Gun Sales Rise In Past Year, Especially Among Women And African Americans
SCOTT SIMON, HOST:
Ermiya Fanaeian may shake up a lot of stereotypes, perhaps even your own. She co-founded the Utah chapter of the gun violence prevention group March for Our Lives and considers herself a left-wing social activist. She's also recently bought an AR-15, making her one of the more than 8 million Americans who've bought their first gun last year. Now, that figure comes from a firearms trade association, the National Shooting Sports Foundation. It also reports that women and African Americans have been buying guns at an unprecedented rate. Ermiya Fanaeian is now the director of the Salt Lake City chapter of Pink Pistols - that's an LGBTQ gun owners group - and joins us from Salt Lake City. Thanks so much for being with us.
ERMIYA FANAEIAN: Thank you so much for having me.
SIMON: What changed your mind?
FANAEIAN: I spent years and years in the gun violence prevention movement, where I worked closely with elected officials who were calling to disarm our community. And, you know, violent attacks against trans women was still happening (unintelligible). You know, we saw this at attack of Iyanna Dior, who was violently mobbed in the middle of a gas station one night. And that went viral all over the Internet. That made me quickly realize, if the police weren't protecting us, if elected officials aren't protecting us, then it is time for us to put our safety into our own hands.
SIMON: When you characterize the politicians with whom you spoke as people who have been in favor of disarming Americans, is disarm the word you now use to describe gun control?
FANAEIAN: It is. Absolutely. I think that, you know - yeah, I think it is to disarm people. You know, when we talk about gun control, gun control is an initiative to make it harder to gain access to firearms to protect ourselves, which ultimately makes it easier only for criminals who don't care about the law. So yeah, I would absolutely call it disarming.
SIMON: Do you feel when you were a gun control activist, you were wrong?
FANAEIAN: I don't think I was wrong because it is true that there is a problem with mass shootings in America. It is true that gun violence needs to come to an end. What I don't agree with are the stances that I and the organization I was affiliated with took. The positions were largely to ban AR-15s. They would largely be to ban assault rifles. They were largely to make it incredibly, incredibly hard for everyday working-class people to access firearms. And that is not something that I agree with in any sense now. I absolutely believe that working-class people should have access.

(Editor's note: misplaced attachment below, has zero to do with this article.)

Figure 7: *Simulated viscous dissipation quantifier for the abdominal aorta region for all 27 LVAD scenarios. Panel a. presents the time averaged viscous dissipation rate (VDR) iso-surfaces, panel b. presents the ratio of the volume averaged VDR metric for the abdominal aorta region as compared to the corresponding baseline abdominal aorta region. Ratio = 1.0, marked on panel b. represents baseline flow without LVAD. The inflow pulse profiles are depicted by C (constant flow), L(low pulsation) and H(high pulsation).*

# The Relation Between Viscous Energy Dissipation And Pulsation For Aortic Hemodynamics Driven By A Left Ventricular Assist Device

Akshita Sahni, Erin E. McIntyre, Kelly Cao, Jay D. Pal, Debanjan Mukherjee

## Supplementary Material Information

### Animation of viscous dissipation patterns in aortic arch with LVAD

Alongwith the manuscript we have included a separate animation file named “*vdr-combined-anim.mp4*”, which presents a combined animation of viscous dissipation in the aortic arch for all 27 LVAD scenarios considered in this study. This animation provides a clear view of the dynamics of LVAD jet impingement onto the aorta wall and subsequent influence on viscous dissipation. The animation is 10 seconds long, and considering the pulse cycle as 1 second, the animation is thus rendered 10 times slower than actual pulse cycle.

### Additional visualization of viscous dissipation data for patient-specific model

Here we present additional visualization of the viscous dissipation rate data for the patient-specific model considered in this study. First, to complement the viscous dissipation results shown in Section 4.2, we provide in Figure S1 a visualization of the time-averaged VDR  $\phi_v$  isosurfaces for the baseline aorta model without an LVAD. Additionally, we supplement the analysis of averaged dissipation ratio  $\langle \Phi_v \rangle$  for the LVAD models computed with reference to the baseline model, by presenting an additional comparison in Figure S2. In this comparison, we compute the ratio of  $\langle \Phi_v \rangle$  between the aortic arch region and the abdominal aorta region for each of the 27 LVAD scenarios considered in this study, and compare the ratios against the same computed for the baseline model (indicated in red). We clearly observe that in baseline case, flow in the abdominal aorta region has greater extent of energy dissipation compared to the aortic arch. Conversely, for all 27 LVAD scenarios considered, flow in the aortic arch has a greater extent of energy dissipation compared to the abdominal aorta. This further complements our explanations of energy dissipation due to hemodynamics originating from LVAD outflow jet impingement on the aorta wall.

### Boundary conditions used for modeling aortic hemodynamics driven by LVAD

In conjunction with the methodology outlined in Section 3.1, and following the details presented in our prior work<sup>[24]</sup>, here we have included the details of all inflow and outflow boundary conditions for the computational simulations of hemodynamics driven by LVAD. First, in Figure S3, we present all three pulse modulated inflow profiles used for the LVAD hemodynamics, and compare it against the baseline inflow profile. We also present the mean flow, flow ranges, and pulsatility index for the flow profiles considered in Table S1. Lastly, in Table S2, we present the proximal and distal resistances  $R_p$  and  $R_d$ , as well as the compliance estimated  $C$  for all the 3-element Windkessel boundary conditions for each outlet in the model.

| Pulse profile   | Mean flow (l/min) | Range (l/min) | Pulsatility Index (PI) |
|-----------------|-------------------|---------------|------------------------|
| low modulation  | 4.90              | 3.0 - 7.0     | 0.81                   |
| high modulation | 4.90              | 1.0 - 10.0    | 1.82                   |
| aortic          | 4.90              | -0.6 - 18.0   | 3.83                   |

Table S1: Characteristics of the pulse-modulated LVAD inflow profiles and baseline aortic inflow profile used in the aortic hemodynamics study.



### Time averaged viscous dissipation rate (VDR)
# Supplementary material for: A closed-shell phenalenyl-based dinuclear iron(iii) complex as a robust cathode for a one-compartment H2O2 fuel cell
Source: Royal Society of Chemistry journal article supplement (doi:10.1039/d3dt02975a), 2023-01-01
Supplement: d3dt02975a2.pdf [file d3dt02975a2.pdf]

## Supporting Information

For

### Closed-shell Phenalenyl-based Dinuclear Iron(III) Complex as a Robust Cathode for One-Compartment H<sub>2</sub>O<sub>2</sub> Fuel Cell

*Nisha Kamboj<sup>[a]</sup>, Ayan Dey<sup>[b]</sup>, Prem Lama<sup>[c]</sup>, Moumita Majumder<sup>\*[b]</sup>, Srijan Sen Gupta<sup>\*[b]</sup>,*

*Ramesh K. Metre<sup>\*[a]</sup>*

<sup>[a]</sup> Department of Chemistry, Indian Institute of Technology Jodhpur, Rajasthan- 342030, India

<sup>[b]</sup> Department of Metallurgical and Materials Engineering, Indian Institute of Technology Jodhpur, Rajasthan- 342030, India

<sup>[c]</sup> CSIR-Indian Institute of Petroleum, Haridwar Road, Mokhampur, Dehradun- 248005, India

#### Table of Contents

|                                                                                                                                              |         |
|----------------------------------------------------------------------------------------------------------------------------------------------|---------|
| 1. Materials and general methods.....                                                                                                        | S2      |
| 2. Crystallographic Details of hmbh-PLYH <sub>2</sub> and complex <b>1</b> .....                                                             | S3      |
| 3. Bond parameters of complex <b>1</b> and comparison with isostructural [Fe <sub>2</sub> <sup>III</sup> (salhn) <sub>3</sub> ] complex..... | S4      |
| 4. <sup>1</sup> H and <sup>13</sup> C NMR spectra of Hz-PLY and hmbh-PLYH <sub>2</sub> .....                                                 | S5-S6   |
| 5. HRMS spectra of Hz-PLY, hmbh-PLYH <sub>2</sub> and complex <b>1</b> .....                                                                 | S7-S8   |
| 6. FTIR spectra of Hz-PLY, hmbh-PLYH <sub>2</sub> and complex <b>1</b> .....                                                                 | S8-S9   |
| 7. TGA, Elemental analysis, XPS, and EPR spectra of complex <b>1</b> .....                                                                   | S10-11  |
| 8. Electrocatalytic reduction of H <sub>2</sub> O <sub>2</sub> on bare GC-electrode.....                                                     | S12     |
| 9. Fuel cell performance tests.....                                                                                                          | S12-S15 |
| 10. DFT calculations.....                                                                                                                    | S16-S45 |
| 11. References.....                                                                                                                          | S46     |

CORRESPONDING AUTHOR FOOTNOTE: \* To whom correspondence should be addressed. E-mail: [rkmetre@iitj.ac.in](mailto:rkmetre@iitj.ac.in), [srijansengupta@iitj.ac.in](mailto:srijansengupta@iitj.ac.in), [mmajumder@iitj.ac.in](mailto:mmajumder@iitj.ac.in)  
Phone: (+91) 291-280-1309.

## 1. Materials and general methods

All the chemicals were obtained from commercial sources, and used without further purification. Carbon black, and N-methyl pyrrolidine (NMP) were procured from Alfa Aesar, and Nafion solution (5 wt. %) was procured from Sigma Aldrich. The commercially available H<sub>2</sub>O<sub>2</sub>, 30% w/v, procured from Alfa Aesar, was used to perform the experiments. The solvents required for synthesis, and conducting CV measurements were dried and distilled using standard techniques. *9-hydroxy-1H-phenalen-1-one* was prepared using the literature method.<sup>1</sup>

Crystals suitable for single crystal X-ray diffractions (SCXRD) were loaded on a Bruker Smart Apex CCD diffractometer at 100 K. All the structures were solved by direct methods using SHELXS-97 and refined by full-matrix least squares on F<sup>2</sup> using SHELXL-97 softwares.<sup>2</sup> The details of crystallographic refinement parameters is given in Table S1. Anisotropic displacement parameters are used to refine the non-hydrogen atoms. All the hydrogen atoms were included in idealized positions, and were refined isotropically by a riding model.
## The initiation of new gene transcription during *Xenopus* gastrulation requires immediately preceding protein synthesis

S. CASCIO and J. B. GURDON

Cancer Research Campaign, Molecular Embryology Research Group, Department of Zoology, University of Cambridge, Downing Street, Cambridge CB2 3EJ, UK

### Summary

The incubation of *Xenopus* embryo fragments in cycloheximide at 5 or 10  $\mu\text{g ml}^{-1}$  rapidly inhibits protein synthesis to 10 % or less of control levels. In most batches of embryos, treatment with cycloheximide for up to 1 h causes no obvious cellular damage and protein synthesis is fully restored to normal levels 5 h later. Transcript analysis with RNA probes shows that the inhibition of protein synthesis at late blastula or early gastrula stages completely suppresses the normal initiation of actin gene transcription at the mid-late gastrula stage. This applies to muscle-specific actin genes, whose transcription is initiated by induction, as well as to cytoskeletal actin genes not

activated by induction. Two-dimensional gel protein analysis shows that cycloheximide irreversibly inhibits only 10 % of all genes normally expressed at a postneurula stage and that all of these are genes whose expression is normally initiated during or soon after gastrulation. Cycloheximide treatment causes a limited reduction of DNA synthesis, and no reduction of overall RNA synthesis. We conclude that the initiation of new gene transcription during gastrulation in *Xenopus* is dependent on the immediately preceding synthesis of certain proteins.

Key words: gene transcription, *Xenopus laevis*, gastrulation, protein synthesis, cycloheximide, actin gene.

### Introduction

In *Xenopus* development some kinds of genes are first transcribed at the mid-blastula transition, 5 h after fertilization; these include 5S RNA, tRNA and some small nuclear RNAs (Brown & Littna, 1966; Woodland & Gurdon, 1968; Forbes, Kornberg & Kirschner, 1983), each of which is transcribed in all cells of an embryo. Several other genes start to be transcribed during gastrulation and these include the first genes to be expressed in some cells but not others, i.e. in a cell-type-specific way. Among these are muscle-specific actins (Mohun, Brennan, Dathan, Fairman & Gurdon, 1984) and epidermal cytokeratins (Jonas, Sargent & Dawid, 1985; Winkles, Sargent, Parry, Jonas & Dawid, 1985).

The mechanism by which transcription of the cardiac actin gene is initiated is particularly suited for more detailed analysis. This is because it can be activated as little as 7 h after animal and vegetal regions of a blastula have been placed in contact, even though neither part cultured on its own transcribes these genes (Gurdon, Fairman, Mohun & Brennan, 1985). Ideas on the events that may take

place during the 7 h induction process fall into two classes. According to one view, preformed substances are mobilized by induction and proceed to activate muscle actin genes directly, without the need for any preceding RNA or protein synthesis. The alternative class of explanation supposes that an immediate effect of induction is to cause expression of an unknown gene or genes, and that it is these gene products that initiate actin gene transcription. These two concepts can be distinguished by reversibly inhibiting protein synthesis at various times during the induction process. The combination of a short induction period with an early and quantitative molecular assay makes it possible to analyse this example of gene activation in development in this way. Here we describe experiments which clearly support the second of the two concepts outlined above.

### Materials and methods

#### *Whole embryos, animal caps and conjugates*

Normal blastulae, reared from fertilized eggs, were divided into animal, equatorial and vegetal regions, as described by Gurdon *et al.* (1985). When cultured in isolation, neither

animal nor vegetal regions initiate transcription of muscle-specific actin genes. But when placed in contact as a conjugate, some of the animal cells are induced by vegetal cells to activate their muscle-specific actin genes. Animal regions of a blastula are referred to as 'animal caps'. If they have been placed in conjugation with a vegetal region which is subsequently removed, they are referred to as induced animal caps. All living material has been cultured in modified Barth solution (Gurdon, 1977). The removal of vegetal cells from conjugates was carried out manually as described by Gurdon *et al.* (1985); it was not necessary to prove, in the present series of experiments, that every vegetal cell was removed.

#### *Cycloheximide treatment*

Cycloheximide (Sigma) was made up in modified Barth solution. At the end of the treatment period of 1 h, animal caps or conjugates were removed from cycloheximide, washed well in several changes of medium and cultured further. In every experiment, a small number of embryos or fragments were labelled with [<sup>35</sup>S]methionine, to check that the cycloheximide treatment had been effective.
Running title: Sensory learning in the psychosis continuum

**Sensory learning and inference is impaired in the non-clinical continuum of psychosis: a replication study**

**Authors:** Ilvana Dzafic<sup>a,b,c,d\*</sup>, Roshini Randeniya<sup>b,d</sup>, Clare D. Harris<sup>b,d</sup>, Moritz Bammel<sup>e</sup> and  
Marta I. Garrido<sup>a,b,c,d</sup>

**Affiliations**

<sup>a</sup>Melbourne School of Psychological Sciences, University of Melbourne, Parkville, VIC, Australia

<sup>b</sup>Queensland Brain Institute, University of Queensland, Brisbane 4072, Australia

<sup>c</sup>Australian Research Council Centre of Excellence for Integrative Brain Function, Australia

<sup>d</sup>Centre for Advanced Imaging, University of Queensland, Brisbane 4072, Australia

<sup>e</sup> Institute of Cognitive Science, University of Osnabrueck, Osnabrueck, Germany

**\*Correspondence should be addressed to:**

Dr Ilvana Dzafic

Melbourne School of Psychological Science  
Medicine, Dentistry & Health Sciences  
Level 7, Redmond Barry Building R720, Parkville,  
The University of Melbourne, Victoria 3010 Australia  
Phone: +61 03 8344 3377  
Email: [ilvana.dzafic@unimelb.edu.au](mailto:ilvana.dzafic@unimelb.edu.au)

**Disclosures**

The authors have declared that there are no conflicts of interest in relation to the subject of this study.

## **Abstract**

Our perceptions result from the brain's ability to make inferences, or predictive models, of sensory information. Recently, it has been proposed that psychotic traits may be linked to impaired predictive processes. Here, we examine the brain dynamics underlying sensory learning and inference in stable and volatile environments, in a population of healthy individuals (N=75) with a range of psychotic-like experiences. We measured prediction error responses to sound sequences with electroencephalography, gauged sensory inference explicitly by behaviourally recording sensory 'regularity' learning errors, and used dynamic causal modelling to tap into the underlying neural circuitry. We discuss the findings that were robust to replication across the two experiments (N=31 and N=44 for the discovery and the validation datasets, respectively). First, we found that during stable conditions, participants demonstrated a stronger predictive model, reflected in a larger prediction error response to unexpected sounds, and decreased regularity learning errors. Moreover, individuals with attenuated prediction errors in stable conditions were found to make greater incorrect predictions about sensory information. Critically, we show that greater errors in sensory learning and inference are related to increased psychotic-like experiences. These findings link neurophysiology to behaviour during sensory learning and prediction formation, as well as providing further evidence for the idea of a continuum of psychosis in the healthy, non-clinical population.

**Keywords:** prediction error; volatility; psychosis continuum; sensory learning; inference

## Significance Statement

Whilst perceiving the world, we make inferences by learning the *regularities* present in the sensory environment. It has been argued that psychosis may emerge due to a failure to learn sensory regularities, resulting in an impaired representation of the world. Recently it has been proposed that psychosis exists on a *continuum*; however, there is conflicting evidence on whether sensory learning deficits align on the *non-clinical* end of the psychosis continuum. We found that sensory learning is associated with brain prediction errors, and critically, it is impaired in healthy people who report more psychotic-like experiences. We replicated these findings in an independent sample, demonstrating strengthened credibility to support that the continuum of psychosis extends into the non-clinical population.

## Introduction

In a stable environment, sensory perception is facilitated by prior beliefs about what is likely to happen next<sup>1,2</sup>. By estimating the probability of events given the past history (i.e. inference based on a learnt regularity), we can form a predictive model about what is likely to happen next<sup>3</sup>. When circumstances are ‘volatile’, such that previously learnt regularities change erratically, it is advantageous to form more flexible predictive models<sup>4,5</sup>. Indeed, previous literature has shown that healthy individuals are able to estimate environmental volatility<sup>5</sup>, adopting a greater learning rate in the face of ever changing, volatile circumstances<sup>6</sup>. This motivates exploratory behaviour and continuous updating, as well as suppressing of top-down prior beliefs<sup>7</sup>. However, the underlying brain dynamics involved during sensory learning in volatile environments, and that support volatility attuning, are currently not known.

SIMON: Your decision to buy a gun reminds me a lot of what conservative opponents of gun control have told us over the years when they say it's my right to protect myself and my family. I wonder if this feeling closes the political distance between you and people you have considered to be on the other side.
FANAEIAN: The fact is, you know, we both agree that we should be able to protect ourselves. But in regards to everything else, you know, the other side still - we do not agree on most things. We do not agree on economic systems, social issues, health care, the role of government. We don't agree on most things.
SIMON: And that statistic we read to begin with, 8 million more guns in this country, what do you say to those who say, you know, the last thing America needs is more guns?
FANAEIAN: Look; if anything has been shown this past year, it's that we need more guns to protect ourselves on the left. The right is not just disarming themselves any time soon. And those who say, well, we don't need to arm ourselves, America doesn't need more guns, they're living in a very utopian idealism, I think.
SIMON: Let me try and understand this. You know, in a time when we're living just weeks after an armed insurrection at the Capitol, you are not talking about owning a firearm to affect policy.
FANAEIAN: Policy does not protect that. The way that our electoral system, our political system, our policing system has been set up, it does not protect that. And so largely, it is about the owning of firearms for our communal safety.
For many of us who are a part of marginalized communities and have been a part of more leftist, radical organizing for a long time now, we understand that there is no normal to go back to. I started being a queer activist when I was 15-years-old. And when I was 15-years-old, that's when death threats and stalking started for me in my life. And for many of us, we've never been in a state where we can just go back to brunch and ignore it all.
SIMON: Ermiya Fanaeian is the director of the Salt Lake City chapter of Pink Pistols, an LGBTQ gun owners group. Thank you so much for being with us.
FANAEIAN: Thank you so much for having me. Transcript provided by NPR, Copyright NPR.